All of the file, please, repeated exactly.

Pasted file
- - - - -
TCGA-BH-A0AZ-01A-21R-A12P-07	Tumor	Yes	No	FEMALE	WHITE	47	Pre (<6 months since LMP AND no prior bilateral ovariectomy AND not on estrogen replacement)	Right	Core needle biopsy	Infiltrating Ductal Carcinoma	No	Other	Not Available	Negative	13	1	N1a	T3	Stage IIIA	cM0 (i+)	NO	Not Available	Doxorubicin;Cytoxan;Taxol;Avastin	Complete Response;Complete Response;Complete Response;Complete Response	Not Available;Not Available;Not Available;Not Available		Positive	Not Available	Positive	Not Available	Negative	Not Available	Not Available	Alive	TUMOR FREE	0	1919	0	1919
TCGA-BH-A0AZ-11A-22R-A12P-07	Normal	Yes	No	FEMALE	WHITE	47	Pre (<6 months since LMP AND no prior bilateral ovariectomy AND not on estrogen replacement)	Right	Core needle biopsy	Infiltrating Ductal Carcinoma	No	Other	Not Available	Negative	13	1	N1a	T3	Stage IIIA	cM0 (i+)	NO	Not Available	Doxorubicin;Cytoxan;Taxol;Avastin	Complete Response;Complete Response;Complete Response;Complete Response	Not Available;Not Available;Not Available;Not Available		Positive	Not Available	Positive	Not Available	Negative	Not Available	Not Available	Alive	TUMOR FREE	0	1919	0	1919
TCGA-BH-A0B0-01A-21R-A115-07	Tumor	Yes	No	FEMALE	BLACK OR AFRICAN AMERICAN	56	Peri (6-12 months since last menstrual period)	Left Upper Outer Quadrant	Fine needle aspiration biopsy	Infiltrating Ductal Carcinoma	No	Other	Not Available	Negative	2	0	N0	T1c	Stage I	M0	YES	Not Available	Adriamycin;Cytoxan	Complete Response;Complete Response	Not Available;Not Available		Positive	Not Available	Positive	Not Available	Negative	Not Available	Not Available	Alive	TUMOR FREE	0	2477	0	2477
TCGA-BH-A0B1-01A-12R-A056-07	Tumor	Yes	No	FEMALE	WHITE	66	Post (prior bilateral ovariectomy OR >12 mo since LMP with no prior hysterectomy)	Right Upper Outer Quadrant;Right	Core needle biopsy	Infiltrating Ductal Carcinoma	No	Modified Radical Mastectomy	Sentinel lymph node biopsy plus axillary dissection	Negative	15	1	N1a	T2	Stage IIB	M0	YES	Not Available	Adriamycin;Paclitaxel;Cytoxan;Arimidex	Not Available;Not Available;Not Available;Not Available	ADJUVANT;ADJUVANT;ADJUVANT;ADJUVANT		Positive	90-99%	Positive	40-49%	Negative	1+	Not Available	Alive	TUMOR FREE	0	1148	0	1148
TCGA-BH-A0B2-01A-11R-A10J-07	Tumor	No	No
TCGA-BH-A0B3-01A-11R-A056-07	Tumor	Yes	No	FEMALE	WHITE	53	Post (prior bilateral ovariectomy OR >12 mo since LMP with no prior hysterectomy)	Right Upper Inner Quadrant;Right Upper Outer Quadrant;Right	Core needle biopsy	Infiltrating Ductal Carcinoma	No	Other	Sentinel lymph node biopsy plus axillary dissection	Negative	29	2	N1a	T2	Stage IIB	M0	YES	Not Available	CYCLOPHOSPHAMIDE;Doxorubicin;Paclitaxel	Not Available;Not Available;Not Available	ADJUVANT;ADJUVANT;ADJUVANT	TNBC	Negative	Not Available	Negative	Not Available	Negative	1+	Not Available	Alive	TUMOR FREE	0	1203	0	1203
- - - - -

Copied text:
TCGA-BH-A0AZ-01A-21R-A12P-07	Tumor	Yes	No	FEMALE	WHITE	47	Pre (<6 months since LMP AND no prior bilateral ovariectomy AND not on estrogen replacement)	Right	Core needle biopsy	Infiltrating Ductal Carcinoma	No	Other	Not Available	Negative	13	1	N1a	T3	Stage IIIA	cM0 (i+)	NO	Not Available	Doxorubicin;Cytoxan;Taxol;Avastin	Complete Response;Complete Response;Complete Response;Complete Response	Not Available;Not Available;Not Available;Not Available		Positive	Not Available	Positive	Not Available	Negative	Not Available	Not Available	Alive	TUMOR FREE	0	1919	0	1919
TCGA-BH-A0AZ-11A-22R-A12P-07	Normal	Yes	No	FEMALE	WHITE	47	Pre (<6 months since LMP AND no prior bilateral ovariectomy AND not on estrogen replacement)	Right	Core needle biopsy	Infiltrating Ductal Carcinoma	No	Other	Not Available	Negative	13	1	N1a	T3	Stage IIIA	cM0 (i+)	NO	Not Available	Doxorubicin;Cytoxan;Taxol;Avastin	Complete Response;Complete Response;Complete Response;Complete Response	Not Available;Not Available;Not Available;Not Available		Positive	Not Available	Positive	Not Available	Negative	Not Available	Not Available	Alive	TUMOR FREE	0	1919	0	1919
TCGA-BH-A0B0-01A-21R-A115-07	Tumor	Yes	No	FEMALE	BLACK OR AFRICAN AMERICAN	56	Peri (6-12 months since last menstrual period)	Left Upper Outer Quadrant	Fine needle aspiration biopsy	Infiltrating Ductal Carcinoma	No	Other	Not Available	Negative	2	0	N0	T1c	Stage I	M0	YES	Not Available	Adriamycin;Cytoxan	Complete Response;Complete Response	Not Available;Not Available		Positive	Not Available	Positive	Not Available	Negative	Not Available	Not Available	Alive	TUMOR FREE	0	2477	0	2477
TCGA-BH-A0B1-01A-12R-A056-07	Tumor	Yes	No	FEMALE	WHITE	66	Post (prior bilateral ovariectomy OR >12 mo since LMP with no prior hysterectomy)	Right Upper Outer Quadrant;Right	Core needle biopsy	Infiltrating Ductal Carcinoma	No	Modified Radical Mastectomy	Sentinel lymph node biopsy plus axillary dissection	Negative	15	1	N1a	T2	Stage IIB	M0	YES	Not Available	Adriamycin;Paclitaxel;Cytoxan;Arimidex	Not Available;Not Available;Not Available;Not Available	ADJUVANT;ADJUVANT;ADJUVANT;ADJUVANT		Positive	90-99%	Positive	40-49%	Negative	1+	Not Available	Alive	TUMOR FREE	0	1148	0	1148
TCGA-BH-A0B2-01A-11R-A10J-07	Tumor	No	No
TCGA-BH-A0B3-01A-11R-A056-07	Tumor	Yes	No	FEMALE	WHITE	53	Post (prior bilateral ovariectomy OR >12 mo since LMP with no prior hysterectomy)	Right Upper Inner Quadrant;Right Upper Outer Quadrant;Right	Core needle biopsy	Infiltrating Ductal Carcinoma	No	Other	Sentinel lymph node biopsy plus axillary dissection	Negative	29	2	N1a	T2	Stage IIB	M0	YES	Not Available	CYCLOPHOSPHAMIDE;Doxorubicin;Paclitaxel	Not Available;Not Available;Not Available	ADJUVANT;ADJUVANT;ADJUVANT	TNBC	Negative	Not Available	Negative	Not Available	Negative	1+	Not Available	Alive	TUMOR FREE	0	1203	0	1203